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Transplanting Palms in the Landscape

Why do some palms survive transplanting and others don’t? Understanding how palm roots grow and respond to being dug up can greatly improve the chances of success when transplanting palms.

While broadleaf trees typically have only a few large primary roots originating from the base of the trunk, the entire palm root system is adventitious (all the roots arise from the trunk). This site is called the root initiation zone. Because of these root system characteristics and the ability of their trunks to store water and carbohydrates, palms are relatively easy to transplant—even large specimens with small root balls—resulting in instant, mature landscapes.

Royal with adventitious roots / photo H. Mayer

Root Initiation Zone / photo Dr. Broschat

However, research from Drs. Broschat and Donselman showed that different species of palms have different tolerance and strategies to survive the transplanting process. For example, when transplanting coconuts (Cocos nucifera), about half of the cut roots survive and produce new roots regardless of their length. Sabal palm (Sabal palmetto), none of the root stubs survived, regardless of their length.  For queen palm (Syagrus romanzoffiana), wild date palm (Phoenix reclinata), royal (Roystonea regia) and washingtonia (Washingtonia robusta), the percentage of roots surviving was directly proportional to the length of the remaining stubs. This research is very useful in determining the minimum rootball size for successful transplanting. For example, the rootball size is small for sabal, since digging up a larger rootball will not improve survival of existing roots. Similarly, the rootball for coconut needs not to be large since survival of existing roots is similar for both short and long root stubs. For queen palms, the minimum rootball radius should be 6–12 inches from the trunk. For washingtonia and royal palms, 1–2 feet is the minimum recommended rootball radius. A rootball radius of 2–3 feet is recommended for wild date palm. Keep in mind that rootballs are three-dimensional, and rootball depth contributes to root survival.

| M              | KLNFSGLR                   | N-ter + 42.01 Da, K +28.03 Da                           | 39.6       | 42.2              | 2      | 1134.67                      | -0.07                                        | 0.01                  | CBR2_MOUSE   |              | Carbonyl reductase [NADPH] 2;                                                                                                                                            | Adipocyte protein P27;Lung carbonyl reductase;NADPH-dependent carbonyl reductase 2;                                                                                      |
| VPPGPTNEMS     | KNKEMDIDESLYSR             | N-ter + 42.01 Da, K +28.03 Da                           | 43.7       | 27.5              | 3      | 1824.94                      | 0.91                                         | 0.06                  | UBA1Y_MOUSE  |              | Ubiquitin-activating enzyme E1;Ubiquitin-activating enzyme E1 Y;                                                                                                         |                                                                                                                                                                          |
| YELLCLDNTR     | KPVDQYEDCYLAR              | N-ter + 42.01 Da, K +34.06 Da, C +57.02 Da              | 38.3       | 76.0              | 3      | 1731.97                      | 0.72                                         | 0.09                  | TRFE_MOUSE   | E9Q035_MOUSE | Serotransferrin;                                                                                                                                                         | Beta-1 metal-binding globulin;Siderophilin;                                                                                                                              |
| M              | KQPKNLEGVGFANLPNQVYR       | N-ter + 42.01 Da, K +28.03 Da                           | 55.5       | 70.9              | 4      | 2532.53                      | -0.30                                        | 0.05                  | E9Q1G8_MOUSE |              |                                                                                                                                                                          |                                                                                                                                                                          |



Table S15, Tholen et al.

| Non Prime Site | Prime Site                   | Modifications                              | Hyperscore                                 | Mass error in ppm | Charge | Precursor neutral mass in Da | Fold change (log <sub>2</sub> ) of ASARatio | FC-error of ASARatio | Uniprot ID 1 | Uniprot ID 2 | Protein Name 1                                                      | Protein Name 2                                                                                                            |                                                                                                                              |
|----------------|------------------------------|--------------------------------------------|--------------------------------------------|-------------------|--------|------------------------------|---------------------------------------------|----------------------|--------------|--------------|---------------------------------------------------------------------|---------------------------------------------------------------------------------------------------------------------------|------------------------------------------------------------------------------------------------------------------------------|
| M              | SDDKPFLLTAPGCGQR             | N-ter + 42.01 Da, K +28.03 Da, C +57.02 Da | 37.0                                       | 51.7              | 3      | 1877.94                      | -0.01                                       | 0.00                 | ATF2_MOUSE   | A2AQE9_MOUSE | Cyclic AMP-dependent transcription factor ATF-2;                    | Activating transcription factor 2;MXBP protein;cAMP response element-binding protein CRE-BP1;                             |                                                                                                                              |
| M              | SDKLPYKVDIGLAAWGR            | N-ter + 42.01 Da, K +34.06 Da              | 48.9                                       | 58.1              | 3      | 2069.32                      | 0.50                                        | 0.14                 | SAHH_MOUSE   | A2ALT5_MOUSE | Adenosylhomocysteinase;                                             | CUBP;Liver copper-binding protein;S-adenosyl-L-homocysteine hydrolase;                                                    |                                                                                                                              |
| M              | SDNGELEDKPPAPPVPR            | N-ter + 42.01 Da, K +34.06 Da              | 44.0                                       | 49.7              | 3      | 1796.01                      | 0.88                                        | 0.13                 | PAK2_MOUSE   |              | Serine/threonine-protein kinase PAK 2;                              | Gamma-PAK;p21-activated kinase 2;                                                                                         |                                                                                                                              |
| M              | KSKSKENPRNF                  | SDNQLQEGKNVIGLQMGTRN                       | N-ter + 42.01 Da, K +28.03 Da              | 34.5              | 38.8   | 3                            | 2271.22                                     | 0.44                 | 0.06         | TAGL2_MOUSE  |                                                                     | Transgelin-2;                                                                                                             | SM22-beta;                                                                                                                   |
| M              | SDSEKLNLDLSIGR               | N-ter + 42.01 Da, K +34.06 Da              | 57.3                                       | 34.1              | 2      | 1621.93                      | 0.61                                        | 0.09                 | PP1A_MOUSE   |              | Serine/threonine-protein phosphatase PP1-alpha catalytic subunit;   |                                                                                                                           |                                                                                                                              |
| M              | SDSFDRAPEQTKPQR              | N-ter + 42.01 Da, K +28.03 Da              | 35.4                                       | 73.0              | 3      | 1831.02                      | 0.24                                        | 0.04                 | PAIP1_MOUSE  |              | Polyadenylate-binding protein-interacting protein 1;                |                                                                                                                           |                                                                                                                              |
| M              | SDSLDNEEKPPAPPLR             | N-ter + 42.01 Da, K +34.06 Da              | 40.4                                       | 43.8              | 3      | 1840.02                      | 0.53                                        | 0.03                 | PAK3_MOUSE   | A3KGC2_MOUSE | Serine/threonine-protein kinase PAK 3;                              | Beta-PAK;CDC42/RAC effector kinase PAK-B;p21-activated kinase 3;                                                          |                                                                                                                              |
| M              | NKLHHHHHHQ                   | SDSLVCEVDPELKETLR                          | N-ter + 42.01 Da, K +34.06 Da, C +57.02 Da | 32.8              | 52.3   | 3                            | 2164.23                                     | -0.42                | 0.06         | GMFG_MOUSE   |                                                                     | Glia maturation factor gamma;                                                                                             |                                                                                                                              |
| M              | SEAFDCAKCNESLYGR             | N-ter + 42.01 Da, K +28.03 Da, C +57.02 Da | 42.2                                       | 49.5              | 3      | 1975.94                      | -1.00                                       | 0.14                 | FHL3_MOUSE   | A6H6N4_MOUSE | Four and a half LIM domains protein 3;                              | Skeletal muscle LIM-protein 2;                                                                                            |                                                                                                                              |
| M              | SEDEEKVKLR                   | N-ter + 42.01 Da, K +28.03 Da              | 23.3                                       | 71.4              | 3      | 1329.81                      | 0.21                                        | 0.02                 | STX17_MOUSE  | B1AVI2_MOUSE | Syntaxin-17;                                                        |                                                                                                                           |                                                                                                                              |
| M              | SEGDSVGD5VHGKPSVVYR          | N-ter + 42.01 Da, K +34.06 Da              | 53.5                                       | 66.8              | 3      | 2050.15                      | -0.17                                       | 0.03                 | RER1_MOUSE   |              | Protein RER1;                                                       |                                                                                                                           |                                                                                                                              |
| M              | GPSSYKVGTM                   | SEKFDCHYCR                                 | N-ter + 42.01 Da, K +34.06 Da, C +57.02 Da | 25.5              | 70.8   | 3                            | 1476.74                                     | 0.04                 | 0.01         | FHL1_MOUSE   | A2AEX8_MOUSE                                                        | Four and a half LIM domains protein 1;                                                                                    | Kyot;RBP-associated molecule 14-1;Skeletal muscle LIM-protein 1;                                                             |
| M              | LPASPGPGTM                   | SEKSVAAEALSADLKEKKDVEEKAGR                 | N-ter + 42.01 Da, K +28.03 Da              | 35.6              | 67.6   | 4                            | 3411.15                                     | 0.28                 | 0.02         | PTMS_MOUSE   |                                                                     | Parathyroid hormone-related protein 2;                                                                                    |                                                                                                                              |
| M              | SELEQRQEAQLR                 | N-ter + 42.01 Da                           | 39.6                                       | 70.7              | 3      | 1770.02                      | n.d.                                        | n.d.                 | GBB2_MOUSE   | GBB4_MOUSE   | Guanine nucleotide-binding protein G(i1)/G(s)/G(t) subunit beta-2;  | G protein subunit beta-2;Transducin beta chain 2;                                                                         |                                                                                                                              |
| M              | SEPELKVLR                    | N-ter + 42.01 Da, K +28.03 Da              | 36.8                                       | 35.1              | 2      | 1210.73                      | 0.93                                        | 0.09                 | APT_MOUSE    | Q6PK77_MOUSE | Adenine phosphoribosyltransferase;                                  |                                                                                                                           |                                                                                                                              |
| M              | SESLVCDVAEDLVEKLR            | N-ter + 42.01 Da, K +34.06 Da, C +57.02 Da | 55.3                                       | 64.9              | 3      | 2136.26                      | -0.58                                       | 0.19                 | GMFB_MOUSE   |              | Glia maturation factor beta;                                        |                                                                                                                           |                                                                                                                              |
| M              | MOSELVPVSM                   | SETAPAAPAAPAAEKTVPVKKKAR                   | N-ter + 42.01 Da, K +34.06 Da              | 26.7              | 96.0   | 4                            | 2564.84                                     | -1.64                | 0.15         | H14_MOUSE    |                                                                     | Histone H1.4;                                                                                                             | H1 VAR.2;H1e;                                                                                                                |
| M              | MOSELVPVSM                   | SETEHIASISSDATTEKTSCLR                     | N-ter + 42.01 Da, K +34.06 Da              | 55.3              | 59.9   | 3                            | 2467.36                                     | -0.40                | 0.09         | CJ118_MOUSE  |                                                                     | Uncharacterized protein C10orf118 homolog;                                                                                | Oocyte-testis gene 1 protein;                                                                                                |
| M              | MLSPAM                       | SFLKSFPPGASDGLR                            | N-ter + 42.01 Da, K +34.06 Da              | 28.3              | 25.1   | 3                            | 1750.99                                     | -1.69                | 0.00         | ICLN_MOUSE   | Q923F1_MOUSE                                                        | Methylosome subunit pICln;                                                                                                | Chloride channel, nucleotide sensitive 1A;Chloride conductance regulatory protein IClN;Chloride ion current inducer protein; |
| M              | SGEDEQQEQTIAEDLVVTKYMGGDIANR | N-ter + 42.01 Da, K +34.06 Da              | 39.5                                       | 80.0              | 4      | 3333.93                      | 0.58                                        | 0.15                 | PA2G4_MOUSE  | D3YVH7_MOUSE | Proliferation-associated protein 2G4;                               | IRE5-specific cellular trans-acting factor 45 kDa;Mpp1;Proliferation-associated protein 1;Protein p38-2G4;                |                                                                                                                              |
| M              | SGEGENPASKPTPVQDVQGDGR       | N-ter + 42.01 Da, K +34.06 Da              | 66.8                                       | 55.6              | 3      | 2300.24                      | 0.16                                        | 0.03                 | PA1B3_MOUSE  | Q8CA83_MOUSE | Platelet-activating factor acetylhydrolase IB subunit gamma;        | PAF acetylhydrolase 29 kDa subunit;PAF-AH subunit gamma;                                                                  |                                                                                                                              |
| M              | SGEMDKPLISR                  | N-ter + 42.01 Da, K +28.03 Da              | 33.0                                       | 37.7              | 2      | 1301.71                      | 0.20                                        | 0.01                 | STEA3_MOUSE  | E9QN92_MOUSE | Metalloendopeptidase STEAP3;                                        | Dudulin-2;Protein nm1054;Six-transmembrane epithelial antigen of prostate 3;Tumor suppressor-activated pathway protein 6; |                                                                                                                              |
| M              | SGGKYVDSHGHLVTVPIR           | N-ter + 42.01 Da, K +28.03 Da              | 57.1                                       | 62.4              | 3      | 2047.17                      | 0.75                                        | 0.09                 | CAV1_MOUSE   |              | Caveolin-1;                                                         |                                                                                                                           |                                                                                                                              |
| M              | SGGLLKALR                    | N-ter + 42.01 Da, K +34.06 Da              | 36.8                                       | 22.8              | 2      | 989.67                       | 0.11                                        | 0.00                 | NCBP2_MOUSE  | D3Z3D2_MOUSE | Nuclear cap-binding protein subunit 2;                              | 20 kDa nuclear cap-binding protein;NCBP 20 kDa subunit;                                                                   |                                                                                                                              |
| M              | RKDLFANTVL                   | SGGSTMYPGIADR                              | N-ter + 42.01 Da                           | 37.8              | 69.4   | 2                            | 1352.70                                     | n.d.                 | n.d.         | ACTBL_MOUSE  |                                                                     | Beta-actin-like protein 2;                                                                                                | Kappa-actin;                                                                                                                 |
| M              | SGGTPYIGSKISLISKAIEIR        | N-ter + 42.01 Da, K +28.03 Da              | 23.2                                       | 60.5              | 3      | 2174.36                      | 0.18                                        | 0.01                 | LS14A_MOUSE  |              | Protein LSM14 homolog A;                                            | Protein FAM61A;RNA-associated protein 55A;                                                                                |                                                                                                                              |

Dead Sabals due to poor transplanting techniques / photo: H. Mayer

The key ingredient for successfully transplanting palms is water!  A shallow berm should be constructed around the perimeter of the rootball of the newly transplanted palm to retain water in the rootball area during irrigation. The soil around the rootball should be kept uniformly moist, but never saturated during the first four to six months following transplanting. After that time, irrigation frequency can be reduced or eliminated altogether if adequate rainfall is received.

Royal with a lot of stress, probably due to lack of water / photo H. Mayer



Broschat, T. Transplanting Palms in the Landscape, 2017. EDIS publication #CIR1047


Hodel, D. Biology of Palms and Implications for Management in the Landscape. 2009. HortTechnology. 19 (4): 676-681